Wednesday, June 12, 2013

The Last Straw and the #Truth

It seems I still have more to say on this issue, so those who are tired of it already may want to just close this post now and avoid the next few.  I promise to move on to another subject soon, but having NOT written about this for ten years of ministry, I've built up a list of things to say.  And it seems that there is a segment of people who have been yearning for someone to write about this. 

So what was the straw, the final thing that made me break my silence?  I think it was the "fat-shaming professor," Geoffrey Miller of the University of New Mexico, who tweeted, "Dear obese PhD applicants: if you didn't have the willpower to stop eating carbs, you won't have the willpower to do a dissertation #truth."

For the record, having written an M.A. thesis, a D.Min. thesis, and something over 300 sermons, I'm pretty sure that's not the #truth.  But I was raised by a fat man with a Ed.D.  He always told me what the hardest thing about finishing a dissertation was, and it wasn't his weight, it was having his daughter born during the dissertation writing.  I know a bit about what it takes to finish a dissertation--I was born into that legacy.

It's not that I was so angry over what Prof. Geoffrey Miller said, though.  Actually, it was a relief to have somebody say it so starkly, when usually it's never said aloud to our faces.  The #truth was finally out in the open, and the #truth was that fat prejudice does keep us from getting jobs.  And it's not because our fat makes us unable to get the job done, it's because of prejudice.  But it gave me the opportunity to talk about the fact that this kind of prejudice is common for us, and does affect us, and in ways that are not fair and have nothing to do with our ability. 

In ministry, I've known all along that while weight doesn't really affect my ability to do my job, it affected my ability to get a job.  I was told this by people in positions where they would know.  I have no doubt that past and present settlement directors would agree that fat ministers have a harder time getting asked to interview.  And they would tell you this in very kind ways -- they're not to blame, and I certainly don't blame them for the situation, and I'm appreciative when they see the situation.  And I'm not trying to say that other people don't have prejudice against them, or that this struggle is harder than other struggles.  I do say that many isms we are confronting openly, and this one we're not.  Whether that makes it harder, I can't say, I can only say that it makes it more hidden, which is what I'm trying now to do something about.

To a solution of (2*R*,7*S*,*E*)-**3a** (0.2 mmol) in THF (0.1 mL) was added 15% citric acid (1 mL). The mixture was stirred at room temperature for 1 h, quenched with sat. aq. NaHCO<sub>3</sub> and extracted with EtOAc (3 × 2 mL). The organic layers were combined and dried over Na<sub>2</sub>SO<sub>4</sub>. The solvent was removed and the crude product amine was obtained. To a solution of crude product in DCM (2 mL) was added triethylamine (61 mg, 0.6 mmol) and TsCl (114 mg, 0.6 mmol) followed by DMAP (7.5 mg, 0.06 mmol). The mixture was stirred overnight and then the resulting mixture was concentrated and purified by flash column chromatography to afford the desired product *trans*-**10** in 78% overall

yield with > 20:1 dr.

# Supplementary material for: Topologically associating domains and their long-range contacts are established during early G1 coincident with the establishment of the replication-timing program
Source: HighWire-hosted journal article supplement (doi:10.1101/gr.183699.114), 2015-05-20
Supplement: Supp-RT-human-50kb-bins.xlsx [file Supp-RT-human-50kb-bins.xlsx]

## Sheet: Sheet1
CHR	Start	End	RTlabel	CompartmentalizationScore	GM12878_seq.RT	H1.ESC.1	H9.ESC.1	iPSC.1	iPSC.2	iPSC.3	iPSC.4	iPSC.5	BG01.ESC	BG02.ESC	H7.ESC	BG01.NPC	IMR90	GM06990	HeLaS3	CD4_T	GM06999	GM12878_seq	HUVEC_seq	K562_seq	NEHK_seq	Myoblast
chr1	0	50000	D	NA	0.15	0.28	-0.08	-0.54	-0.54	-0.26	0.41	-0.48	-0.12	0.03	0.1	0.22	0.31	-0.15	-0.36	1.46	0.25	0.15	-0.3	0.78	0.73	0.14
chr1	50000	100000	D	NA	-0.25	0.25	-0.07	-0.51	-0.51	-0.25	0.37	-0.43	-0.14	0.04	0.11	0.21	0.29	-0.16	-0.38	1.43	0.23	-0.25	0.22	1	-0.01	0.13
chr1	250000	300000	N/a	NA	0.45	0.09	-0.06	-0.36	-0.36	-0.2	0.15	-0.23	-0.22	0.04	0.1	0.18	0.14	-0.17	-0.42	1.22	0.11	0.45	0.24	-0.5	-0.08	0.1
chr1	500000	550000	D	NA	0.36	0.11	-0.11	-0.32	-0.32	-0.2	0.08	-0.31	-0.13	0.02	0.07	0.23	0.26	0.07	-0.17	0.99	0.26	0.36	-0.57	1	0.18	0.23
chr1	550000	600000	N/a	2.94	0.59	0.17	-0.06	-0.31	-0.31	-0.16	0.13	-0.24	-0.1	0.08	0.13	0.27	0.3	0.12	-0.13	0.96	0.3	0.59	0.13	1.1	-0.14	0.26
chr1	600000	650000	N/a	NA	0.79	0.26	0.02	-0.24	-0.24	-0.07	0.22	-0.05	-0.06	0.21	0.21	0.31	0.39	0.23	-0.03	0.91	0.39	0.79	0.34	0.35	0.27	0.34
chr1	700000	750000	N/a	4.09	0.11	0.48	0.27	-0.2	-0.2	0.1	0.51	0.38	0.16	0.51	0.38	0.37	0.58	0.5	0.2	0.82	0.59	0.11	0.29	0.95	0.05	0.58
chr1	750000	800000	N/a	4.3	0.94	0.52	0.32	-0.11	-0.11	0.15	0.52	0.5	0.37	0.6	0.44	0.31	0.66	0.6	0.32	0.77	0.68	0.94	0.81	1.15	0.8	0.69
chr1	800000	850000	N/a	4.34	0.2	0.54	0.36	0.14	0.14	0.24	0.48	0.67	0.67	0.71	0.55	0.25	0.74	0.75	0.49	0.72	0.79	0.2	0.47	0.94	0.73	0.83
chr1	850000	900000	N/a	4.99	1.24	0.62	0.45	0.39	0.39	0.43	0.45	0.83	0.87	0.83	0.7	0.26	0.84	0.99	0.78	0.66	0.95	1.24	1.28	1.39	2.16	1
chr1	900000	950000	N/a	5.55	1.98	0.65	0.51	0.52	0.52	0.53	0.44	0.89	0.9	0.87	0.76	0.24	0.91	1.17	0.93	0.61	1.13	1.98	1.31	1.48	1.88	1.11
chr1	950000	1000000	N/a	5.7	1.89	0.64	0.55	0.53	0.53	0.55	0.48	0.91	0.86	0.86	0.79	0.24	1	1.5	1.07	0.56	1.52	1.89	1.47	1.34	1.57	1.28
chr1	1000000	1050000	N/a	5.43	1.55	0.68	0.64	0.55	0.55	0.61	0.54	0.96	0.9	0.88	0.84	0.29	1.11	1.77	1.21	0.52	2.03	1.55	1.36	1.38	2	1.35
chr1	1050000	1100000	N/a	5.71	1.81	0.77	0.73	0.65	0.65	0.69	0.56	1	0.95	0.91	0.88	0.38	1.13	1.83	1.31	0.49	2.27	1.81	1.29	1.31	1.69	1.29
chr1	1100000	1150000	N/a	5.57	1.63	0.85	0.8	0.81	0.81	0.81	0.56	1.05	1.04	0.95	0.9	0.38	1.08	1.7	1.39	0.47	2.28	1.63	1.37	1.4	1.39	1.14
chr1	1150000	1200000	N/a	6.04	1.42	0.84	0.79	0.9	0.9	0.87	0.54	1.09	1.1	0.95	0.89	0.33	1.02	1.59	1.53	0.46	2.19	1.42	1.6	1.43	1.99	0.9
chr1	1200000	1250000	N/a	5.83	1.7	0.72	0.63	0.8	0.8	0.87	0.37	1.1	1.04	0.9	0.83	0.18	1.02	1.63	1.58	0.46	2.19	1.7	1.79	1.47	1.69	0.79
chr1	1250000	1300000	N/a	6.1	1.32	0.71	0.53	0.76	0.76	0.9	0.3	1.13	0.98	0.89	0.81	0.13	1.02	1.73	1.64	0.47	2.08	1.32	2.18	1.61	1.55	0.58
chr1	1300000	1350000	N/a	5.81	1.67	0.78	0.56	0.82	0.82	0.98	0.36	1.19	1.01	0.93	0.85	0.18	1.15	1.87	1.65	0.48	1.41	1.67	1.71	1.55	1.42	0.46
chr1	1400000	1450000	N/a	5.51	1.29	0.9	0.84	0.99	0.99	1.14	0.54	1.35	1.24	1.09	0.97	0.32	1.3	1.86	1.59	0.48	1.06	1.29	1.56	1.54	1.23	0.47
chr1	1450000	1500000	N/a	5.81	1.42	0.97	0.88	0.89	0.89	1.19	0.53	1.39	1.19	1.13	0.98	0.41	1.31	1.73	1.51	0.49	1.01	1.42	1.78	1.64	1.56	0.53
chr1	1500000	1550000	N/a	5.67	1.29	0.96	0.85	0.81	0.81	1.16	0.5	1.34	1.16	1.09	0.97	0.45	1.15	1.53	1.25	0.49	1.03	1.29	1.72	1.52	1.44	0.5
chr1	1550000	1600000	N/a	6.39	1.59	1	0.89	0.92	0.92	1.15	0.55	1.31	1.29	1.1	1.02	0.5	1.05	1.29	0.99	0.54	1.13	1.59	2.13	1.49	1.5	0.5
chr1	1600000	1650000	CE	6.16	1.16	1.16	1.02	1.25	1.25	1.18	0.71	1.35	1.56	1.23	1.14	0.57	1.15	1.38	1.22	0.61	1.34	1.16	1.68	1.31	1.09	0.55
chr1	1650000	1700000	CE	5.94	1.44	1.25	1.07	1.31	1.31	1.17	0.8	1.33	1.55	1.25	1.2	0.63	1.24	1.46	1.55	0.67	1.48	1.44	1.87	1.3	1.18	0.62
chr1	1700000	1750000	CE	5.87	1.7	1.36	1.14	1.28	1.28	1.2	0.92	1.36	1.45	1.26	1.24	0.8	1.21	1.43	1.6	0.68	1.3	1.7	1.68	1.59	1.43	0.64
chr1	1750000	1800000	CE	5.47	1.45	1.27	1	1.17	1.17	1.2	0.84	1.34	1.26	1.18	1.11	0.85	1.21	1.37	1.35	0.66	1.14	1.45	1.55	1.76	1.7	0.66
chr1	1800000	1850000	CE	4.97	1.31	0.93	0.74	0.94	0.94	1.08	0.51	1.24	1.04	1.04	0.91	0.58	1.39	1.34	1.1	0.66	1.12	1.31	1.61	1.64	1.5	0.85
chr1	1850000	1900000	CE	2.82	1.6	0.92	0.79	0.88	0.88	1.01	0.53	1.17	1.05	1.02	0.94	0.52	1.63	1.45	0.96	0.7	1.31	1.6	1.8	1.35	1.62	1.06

A couple examples from my own life about being fat and trying to get a call to a congregation may serve to illustrate.

During my seminary years, I was in a room with a bunch of seminarians and a minister who was with us because he was looking around for a new associate minister.  I was soon to graduate, and looking for just such a job.  And yet, no matter how many times I tried to inject myself into the conversation, I couldn't get this minister's attention.  I felt invisible.  We all feel invisible at times, but I was told later by another colleague that this wasn't a big surprise in this case, and that it was likely about weight.  I didn't put the weight interpretation on it initially; my initial interpretation was that this guy was just a jerk.  The weight interpretation was given to me later by a person who was in a position to know.

Another example: In a pre-candidating weekend, I was asked to preach at a neutral pulpit in a mid-sized church.  The search committee of the small church I was pre-candidating for said to me, "Your pulpit presence is so large.  Do you think that could work in a smaller church?"  Now, mind you, I've now been preaching successfully in small churches for over a decade.  The comment was, at first, baffling.  Should I have been somehow more meek in the pulpit?  Made eye contact with fewer people?  Gestured as if the room was smaller?  But then it seemed a clear interpretation emerged.  I do think that this comment was not so much about size of the congregation as it was about size of the minister.  Usually it's not a problem--in any size church--for the minister to hold the attention of the entire congregation during the sermon.

All of these little things could not be about weight.  They could be about other issues.  That congregation could have been looking for a meek pulpit presence.  Any one incident can be picked apart and explained by other reasoning.  I've heard African-American ministers tell me that this is something that happens to them often, that they'll tell about an incident of racism, and the white listeners will want to pick apart the incident and analyze it and get to decide for themselves whether or not it was an incident of racism, rather than just accept the experience of the teller.  I can't prove to you these were about size.  I can't prove that size was a factor in any of the congregations that chose not to interview me, either.  I just know that overall fat ministers have a harder time in settlement than average.  That's the #truth.